Brian Cowen: Leader of the first majority Irish government in 30 years.
Of the two million people who voted in the Irish general election of May 2007, if twenty five thousand had voted a different way, Bertie Ahern could have been re-elected Taoiseach, if he could have convinced both the Progressive Democrats and the Greens to form a coalition. But he never got the chance, with Enda Kenny managing to take Fine Gael from a humiliating defeat in 2002 into government and coalition with Labour and the Greens. that day was to be the high point of Kenny’s political career.
As the global economy nose dived in 2007, Kenny struggled to keep the government together, especially as Labour struggled to keep its deputies onboard in the face of unexpected cutbacks in public spending, and higher taxes. Then came the night of the banking guarantee.
Kenny, his finance minister Ruairi Quinn, and Tanaiste Pat Rabbitte listened in silence as the banks outlined their need for massive state support. Rabbitte summoned the Labour ministers to an emergency meeting at 2am, where the options were laid out. He then returned to the Taoiseach to inform him that Labour would support the immediate nationalisation of AIB and the Bank of Ireland, and that it was Labour’s opinion that Anglo Irish Bank was not vital to the national banking system and so, with safeguards for deposits under €100,000, should be permitted to fail. Fine Gael ministers, who had arrived, immediately attacked the Labour proposal as reckless, declaring the nationalisation of the banks to be knee-jerk and unacceptable, and pointing out that there was no information to advise as to what the collapse of Anglo Irish would do to Irish pensions or credit unions.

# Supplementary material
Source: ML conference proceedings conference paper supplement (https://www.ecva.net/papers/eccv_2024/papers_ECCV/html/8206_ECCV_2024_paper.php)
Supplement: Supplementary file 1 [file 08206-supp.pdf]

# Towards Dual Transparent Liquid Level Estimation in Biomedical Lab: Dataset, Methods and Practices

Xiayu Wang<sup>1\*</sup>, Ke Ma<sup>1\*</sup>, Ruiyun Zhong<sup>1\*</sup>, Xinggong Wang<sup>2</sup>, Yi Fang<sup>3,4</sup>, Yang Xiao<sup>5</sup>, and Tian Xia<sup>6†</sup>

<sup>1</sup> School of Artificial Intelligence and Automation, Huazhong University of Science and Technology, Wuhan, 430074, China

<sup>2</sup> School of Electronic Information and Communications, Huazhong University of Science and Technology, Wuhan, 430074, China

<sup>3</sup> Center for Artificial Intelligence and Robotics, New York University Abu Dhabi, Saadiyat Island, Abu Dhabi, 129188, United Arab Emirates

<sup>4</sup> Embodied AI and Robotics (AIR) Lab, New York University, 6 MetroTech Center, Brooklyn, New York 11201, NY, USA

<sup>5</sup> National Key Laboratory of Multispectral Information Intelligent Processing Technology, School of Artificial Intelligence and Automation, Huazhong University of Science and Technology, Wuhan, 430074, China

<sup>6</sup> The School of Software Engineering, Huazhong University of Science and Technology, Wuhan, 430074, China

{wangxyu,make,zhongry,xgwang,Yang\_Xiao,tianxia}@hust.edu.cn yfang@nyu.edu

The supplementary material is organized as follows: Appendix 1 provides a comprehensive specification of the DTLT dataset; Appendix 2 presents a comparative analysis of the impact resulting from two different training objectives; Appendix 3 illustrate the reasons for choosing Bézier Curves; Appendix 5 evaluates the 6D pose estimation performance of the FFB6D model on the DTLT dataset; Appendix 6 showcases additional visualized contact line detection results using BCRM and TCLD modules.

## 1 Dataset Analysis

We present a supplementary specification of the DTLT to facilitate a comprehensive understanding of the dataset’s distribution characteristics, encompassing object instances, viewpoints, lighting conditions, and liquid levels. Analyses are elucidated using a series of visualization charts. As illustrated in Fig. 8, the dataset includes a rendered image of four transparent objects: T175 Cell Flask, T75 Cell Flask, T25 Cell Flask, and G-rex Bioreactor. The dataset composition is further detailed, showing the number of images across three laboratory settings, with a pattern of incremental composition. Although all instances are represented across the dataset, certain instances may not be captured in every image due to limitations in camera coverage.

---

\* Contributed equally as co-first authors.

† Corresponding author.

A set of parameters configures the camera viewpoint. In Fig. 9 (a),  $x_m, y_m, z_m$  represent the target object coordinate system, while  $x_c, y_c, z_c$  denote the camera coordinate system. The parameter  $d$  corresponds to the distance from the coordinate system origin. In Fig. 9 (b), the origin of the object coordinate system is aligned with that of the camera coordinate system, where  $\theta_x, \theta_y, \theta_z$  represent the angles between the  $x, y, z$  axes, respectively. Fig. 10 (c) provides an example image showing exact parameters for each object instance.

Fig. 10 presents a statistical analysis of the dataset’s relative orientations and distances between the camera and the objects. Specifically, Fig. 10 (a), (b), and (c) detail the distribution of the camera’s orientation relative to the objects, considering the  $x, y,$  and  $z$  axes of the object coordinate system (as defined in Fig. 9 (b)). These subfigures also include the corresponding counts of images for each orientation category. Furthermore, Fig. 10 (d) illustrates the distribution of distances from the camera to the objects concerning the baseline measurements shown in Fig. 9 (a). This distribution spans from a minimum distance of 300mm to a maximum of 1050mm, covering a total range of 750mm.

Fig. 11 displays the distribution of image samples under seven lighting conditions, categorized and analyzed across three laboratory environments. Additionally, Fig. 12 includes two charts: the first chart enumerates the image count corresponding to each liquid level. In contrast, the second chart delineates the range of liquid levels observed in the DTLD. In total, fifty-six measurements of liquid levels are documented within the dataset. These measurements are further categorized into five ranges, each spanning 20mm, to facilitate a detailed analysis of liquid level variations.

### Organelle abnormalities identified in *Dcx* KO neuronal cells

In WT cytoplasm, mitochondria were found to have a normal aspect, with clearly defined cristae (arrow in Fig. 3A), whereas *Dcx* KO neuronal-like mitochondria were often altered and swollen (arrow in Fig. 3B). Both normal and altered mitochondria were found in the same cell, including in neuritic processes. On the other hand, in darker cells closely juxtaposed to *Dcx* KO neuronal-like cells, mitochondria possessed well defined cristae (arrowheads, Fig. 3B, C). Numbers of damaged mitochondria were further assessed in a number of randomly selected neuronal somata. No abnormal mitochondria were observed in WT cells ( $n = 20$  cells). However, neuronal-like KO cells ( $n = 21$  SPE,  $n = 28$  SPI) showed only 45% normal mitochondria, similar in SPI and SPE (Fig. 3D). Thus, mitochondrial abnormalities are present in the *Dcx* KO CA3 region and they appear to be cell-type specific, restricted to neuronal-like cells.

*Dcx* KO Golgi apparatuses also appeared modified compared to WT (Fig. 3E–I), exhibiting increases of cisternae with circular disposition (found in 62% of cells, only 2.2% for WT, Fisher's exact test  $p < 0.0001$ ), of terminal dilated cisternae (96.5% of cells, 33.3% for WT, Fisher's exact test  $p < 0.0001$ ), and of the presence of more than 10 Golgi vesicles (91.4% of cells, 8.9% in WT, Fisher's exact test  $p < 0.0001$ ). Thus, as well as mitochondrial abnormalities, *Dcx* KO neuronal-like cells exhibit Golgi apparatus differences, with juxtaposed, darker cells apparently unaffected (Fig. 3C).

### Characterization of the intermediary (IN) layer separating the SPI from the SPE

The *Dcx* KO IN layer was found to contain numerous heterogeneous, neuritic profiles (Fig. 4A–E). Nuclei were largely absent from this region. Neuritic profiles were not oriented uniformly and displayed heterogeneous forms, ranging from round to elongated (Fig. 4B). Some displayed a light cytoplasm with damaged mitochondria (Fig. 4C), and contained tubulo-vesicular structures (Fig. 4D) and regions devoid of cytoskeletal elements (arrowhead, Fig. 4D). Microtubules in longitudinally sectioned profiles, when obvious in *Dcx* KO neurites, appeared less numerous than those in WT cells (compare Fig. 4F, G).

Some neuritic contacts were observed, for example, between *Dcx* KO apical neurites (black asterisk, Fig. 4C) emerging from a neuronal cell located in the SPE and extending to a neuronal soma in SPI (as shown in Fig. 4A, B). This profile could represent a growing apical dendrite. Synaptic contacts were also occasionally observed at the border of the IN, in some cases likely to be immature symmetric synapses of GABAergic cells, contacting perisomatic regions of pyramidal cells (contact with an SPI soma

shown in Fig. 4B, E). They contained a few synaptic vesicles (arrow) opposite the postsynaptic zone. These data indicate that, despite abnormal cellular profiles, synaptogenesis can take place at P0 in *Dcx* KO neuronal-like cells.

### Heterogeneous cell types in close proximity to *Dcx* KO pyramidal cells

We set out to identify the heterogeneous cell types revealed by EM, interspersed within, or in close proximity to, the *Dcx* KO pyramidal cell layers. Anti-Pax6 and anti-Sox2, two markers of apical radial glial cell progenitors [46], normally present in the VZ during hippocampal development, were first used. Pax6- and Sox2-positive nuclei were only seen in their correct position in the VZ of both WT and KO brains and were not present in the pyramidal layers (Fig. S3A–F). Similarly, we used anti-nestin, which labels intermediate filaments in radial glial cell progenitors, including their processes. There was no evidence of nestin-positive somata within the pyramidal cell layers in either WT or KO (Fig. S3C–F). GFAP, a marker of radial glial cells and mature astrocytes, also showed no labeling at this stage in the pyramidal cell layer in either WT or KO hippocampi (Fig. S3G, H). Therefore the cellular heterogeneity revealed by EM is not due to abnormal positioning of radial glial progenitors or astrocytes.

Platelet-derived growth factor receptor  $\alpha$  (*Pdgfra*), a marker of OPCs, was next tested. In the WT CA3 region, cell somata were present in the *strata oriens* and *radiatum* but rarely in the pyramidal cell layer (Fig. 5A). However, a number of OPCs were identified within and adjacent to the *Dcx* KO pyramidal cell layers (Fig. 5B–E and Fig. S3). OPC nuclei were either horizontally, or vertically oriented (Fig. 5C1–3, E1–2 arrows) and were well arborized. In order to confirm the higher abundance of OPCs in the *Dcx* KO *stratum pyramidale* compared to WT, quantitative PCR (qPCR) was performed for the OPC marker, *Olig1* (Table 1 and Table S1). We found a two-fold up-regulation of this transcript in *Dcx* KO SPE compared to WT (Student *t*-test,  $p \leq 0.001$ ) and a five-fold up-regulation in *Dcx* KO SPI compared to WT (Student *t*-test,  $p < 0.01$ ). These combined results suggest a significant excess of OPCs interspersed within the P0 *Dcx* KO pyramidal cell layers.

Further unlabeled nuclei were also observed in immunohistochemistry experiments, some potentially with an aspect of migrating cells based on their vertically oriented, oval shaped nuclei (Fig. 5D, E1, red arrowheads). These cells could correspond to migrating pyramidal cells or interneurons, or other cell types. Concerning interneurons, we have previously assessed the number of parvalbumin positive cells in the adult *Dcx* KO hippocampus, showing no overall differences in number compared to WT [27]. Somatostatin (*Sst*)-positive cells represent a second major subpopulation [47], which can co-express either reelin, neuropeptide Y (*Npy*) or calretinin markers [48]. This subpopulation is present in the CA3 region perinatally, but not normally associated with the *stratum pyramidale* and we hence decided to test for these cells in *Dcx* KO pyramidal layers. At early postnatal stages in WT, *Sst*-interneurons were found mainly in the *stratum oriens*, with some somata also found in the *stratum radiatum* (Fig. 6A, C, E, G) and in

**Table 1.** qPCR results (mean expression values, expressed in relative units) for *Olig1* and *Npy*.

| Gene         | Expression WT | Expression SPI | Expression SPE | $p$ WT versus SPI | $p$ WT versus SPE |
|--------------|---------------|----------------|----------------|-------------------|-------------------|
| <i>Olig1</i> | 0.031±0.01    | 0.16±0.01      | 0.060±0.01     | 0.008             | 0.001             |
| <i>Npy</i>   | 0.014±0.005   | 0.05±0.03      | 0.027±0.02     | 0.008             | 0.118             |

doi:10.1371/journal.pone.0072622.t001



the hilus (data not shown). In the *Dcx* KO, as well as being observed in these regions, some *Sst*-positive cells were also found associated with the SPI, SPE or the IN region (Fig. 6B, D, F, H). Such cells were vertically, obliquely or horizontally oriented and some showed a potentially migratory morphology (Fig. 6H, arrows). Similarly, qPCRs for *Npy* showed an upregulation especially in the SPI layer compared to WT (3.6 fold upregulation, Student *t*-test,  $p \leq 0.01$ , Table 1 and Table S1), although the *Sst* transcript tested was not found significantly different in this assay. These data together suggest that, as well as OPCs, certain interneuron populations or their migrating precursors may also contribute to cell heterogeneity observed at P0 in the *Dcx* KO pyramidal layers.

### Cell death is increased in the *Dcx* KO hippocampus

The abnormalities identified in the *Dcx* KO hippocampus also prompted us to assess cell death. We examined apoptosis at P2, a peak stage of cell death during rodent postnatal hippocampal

Labour, however, were adamant, and at 4:40am the Labour ministers resigned. The Taoiseach immediately dispatched Gardai to collect Brian Cowen, the leader of the opposition, and his finance spokesperson. The two Fianna Fail deputies listened to the Taoiseach and his acting finance minister, Michael Noonan explain the situation, and ask for Fianna Fail support for a minority Fine Gael government. Cowen agreed to a public commitment to support the government in issuing a guarantee for all the banks, in return for announcing an early general election within two months.
Kenny had no choice but to agree. As the meeting broke up, one of Kenny’s highly paid advisers suddenly blurted out: “Jesus, has anyone woken up Sargent?”
The Taoiseach addressed the country the following day, explaining the guarantee and announcing the general election. Labour attacked the proposals, but as the election campaign took off, Fianna Fail went for the jugular with the two former coalition partners, with a poster of bundles of money on fire. The slogan, “You just can’t trust them with your money” caught the imagination.
In the party leaders debates, Brian Cowen devastated the squabbling FG and Labour leaders with an assurance that “unlike these two, Fianna Fail will never, never take the country to the stage that we have to go cap in hand to the IMF or anyone else for a bailout.” Although it returned Fianna Fail to its first overall majority in Dail since 1977, it was a clip that would haunt Cowen for the rest of his life.